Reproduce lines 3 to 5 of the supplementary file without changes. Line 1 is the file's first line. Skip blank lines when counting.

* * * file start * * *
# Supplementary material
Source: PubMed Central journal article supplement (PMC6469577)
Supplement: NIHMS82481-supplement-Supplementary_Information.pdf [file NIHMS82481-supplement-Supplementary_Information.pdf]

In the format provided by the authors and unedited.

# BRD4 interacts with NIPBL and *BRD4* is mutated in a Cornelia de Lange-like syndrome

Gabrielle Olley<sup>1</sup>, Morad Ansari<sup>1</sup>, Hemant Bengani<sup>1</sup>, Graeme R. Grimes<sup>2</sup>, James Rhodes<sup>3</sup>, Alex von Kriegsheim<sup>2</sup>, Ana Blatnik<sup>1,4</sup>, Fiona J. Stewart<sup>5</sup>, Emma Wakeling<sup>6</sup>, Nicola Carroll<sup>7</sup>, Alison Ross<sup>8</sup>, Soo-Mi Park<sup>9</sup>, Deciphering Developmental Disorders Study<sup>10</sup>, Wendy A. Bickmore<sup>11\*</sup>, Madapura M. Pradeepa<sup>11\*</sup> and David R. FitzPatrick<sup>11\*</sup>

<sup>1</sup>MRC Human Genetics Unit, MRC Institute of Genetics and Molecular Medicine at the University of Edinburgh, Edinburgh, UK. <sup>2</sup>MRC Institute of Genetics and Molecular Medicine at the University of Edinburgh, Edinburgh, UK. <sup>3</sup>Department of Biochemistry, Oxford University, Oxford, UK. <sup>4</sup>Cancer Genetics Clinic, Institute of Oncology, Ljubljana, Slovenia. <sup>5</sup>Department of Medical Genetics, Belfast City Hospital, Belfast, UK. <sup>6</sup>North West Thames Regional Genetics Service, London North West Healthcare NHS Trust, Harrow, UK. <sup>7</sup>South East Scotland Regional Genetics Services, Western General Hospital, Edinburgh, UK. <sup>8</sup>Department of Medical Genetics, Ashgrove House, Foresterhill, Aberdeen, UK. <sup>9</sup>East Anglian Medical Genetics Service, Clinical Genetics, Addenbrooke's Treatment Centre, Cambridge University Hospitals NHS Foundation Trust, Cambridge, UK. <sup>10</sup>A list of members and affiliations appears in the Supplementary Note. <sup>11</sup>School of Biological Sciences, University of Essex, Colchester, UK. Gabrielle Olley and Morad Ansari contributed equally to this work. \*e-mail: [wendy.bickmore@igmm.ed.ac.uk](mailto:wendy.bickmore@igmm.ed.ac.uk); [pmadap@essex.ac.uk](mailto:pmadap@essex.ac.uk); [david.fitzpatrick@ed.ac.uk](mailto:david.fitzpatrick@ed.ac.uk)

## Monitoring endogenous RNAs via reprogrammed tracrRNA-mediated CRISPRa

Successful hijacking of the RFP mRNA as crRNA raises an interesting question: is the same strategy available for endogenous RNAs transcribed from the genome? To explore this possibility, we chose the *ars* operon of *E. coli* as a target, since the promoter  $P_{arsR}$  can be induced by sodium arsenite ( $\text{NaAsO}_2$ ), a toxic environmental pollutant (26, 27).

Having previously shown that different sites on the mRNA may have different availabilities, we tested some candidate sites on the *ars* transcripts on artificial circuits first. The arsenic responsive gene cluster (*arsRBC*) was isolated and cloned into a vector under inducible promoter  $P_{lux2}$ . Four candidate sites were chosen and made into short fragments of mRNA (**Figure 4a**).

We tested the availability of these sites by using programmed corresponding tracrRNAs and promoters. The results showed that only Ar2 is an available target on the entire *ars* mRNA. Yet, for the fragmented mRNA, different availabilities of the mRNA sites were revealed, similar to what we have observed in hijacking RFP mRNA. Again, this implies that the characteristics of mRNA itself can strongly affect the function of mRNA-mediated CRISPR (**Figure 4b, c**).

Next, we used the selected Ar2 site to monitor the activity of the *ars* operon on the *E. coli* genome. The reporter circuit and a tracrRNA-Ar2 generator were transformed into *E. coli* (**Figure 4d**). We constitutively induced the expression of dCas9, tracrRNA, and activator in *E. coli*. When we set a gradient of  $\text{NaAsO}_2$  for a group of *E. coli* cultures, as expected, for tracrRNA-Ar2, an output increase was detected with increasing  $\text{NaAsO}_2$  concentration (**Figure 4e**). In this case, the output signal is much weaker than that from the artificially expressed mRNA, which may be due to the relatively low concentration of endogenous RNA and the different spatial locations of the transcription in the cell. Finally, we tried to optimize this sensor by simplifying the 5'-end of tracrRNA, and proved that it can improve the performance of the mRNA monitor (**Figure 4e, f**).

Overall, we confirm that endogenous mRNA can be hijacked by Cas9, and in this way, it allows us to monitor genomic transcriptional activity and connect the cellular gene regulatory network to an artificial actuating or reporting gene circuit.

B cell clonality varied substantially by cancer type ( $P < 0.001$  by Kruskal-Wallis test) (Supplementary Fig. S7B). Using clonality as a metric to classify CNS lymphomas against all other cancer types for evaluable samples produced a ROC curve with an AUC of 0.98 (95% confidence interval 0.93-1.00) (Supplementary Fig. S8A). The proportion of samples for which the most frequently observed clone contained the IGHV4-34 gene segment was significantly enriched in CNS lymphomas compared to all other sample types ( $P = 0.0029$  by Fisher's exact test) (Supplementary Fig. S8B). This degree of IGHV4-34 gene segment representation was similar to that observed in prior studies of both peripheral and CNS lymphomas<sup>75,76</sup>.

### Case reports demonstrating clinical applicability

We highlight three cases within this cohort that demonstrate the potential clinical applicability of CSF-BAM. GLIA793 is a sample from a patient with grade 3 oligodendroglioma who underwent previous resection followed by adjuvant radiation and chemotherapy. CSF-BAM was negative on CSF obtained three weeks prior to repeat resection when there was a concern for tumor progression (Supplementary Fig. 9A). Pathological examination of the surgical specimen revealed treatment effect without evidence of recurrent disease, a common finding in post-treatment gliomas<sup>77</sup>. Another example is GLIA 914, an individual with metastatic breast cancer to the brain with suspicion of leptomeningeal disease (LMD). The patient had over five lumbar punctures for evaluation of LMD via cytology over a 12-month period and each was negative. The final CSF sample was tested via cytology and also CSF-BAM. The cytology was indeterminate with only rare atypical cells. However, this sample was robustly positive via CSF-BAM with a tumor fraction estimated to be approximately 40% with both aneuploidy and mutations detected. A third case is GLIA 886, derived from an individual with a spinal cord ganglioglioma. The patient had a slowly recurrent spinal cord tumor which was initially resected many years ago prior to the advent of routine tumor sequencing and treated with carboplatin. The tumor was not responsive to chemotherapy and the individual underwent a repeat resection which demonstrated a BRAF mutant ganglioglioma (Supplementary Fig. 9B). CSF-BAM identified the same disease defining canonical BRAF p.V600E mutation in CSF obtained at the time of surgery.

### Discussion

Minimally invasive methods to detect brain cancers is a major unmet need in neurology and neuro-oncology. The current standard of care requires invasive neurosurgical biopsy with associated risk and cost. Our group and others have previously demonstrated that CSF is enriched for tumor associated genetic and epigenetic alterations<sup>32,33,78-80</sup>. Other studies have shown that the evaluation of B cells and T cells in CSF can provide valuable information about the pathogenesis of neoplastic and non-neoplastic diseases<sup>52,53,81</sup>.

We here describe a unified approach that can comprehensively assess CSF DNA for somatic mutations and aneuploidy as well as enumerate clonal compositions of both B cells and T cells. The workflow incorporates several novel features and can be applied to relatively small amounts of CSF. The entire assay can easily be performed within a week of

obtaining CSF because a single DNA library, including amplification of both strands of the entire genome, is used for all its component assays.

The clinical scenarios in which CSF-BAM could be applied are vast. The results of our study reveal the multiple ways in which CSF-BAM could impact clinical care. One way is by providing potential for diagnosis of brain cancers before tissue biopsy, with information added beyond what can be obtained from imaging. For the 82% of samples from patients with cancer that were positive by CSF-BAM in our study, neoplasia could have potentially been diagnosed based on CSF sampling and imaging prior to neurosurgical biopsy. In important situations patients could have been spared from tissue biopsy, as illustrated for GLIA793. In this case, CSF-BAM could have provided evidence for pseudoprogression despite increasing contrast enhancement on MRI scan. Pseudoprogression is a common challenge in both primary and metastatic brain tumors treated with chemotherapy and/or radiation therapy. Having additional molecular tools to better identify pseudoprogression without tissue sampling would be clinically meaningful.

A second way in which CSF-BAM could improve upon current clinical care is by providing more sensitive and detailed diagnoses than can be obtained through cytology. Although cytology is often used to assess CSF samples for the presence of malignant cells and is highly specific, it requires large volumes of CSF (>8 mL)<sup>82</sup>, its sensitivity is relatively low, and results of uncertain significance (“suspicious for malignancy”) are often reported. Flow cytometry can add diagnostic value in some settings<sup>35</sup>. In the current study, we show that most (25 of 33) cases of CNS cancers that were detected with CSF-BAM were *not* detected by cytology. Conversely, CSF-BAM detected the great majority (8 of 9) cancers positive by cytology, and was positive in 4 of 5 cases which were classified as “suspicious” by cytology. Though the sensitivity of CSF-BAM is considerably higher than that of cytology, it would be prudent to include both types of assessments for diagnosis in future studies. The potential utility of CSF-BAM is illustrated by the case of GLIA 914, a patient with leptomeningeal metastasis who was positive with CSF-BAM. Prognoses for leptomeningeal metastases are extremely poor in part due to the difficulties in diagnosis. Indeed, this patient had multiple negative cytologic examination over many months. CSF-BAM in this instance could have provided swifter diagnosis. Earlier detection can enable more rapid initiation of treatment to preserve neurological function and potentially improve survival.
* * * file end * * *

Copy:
Supplement: NIHMS82481-supplement-Supplementary_Information.pdf [file NIHMS82481-supplement-Supplementary_Information.pdf]

In the format provided by the authors and unedited.

# BRD4 interacts with NIPBL and *BRD4* is mutated in a Cornelia de Lange-like syndrome